Maijing Canon of the Pulse, a comprehensive handbook of diagnostics and therapy written by Wang Shuhe is published

  • 1578 – 1950

    Bencao Gangmu Compendium of Materia Medica is written by Li Shizhen during the Ming dynasty. It is regarded as the most comprehensive medical book ever written in the history of TCM. In 1950,Mao Zedong makes speech in support of TCM

  • 1952

    The president of the Chinese Medical Association in China announces that TCM will progress with a basis in modern natural sciences, absorbing the ancient and the new.

Benefits for the Diver

A physiotherapist, acupuncturist, Chinese herbalist and specialist in Western diving medicine in The Hague, the Netherlands, I treat divers from the whole country with a wide range of health issues at my practice. This includes chronic or recurring ENT  disorders that affect pressure equalisation of the ears and sinuses, TMJ (your temporomadibular joint is a hinge that connects your jaw to the temporal bones of your skull) disorders, sea sickness, stress, tiredness, high blood pressure, migraine, lung disorders, addiction to smoking, obesity, neck and back disorders, muscle cramps, and more.

Image courtesy of Janneke Vermeulen

Divers with medical problems can benefit from the positive effects of acupuncture treatment. Acupuncture can transform phlegm and reduce its production, decrease swelling of the mucous membranes in the nose, sinuses, Eustachian tube and middle ear and address underlying energetic disturbances (such as deficiency or stagnation of qi). When the Eustachian tube has a free air passage, divers will normally be able to equalise the middle ear pressure well (as long as the clearing techniques are performed correctly).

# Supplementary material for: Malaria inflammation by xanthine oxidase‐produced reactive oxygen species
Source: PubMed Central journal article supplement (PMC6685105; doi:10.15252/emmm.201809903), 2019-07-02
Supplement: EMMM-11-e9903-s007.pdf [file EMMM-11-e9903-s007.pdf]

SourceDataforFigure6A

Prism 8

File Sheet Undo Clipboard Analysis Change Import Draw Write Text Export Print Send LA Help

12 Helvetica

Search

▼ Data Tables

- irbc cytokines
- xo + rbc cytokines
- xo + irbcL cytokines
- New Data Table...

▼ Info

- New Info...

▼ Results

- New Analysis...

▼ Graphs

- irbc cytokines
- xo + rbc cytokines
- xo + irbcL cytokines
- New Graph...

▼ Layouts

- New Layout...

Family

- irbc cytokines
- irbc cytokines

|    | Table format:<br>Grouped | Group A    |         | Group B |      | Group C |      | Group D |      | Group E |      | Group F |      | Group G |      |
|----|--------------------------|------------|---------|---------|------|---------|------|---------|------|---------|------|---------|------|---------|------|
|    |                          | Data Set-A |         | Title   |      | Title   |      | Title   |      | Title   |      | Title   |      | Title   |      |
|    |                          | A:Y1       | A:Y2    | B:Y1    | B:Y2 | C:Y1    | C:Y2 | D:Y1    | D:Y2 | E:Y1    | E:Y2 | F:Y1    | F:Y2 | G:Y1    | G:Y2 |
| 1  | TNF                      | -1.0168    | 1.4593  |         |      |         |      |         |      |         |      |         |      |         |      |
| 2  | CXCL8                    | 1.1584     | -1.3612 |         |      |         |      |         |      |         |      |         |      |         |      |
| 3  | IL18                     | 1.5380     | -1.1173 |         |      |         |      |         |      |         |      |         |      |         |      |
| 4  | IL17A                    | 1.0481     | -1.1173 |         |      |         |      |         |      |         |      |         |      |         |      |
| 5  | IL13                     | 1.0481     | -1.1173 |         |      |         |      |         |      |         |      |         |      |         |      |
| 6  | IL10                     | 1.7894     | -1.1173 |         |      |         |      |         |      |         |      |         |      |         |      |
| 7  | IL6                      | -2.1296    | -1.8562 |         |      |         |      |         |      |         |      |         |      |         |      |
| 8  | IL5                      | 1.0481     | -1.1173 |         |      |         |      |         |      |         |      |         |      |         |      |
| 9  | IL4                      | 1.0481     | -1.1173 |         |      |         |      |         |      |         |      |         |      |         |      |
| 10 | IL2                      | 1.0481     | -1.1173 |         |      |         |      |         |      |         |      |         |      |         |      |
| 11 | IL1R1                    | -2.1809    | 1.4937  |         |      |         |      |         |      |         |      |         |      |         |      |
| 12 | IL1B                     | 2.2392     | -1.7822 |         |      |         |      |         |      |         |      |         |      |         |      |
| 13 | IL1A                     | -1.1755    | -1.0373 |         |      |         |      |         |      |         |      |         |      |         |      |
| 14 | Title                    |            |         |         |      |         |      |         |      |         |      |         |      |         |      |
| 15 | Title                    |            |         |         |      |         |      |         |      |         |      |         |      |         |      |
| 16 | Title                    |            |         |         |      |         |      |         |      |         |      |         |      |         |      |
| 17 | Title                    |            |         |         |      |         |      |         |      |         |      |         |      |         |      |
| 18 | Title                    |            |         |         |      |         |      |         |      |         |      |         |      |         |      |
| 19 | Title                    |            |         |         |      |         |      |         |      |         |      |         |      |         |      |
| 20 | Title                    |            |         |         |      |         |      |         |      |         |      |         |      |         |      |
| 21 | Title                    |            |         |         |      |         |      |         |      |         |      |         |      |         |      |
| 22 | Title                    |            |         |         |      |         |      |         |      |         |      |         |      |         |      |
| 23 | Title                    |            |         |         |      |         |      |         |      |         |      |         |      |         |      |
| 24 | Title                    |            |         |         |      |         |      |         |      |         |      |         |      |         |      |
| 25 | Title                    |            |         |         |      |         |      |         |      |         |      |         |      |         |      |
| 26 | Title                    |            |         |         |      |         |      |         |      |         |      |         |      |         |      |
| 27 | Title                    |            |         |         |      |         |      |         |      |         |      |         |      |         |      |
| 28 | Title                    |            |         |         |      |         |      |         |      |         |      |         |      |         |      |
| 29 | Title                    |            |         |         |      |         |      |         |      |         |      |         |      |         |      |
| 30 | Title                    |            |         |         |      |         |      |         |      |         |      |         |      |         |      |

Acupuncture can increase your energy, reduce stress and improve immunity – thereby reducing the likelihood of a diver becoming ill. The diver will definitely feel better under and above the water surface! Lung function can be improved, whereby breathing will be easier, enabling the diver to stay underwater longer. For those with lower back problems, jumping into the ocean may be fine but climbing the stairs of the boat can be very painful. Acupuncture can relieve pain, muscle tension and improve the mobility of the spine. Acupuncture can also help to lower certain risk factors of decompression illness (DCI), such as tiredness, being overweight, and decreased blood circulation.


Image courtesy of Janneke Vermeulen

All of Janneke’s diving related knowledge is collected and structured in her recently published book, Diving Medical Acupuncture (published by Singing Dragon in April 2018). Targeted at acupuncturists, non-acupuncture doctors and divers worldwide, Diving Medical Acupuncture describes the medical conditions that can prevent, complicate or result from diving and other water sports, and provides effective clinical treatments. It’s an integration of Western diving medicine, diving techniques and Chinese medicine. Complete with anatomical diagrams and acupuncture point charts, the book is a practical resource for acupuncture clinicians who deal with the issues associated with diving. Advice for divers is given at the end of each chapter, and is available as a handout in downloadable form.

Read the rest of this article in 2018 Issue 3 Volume 151 of Asian Diver magazine by subscribing here or check out all of our publications here.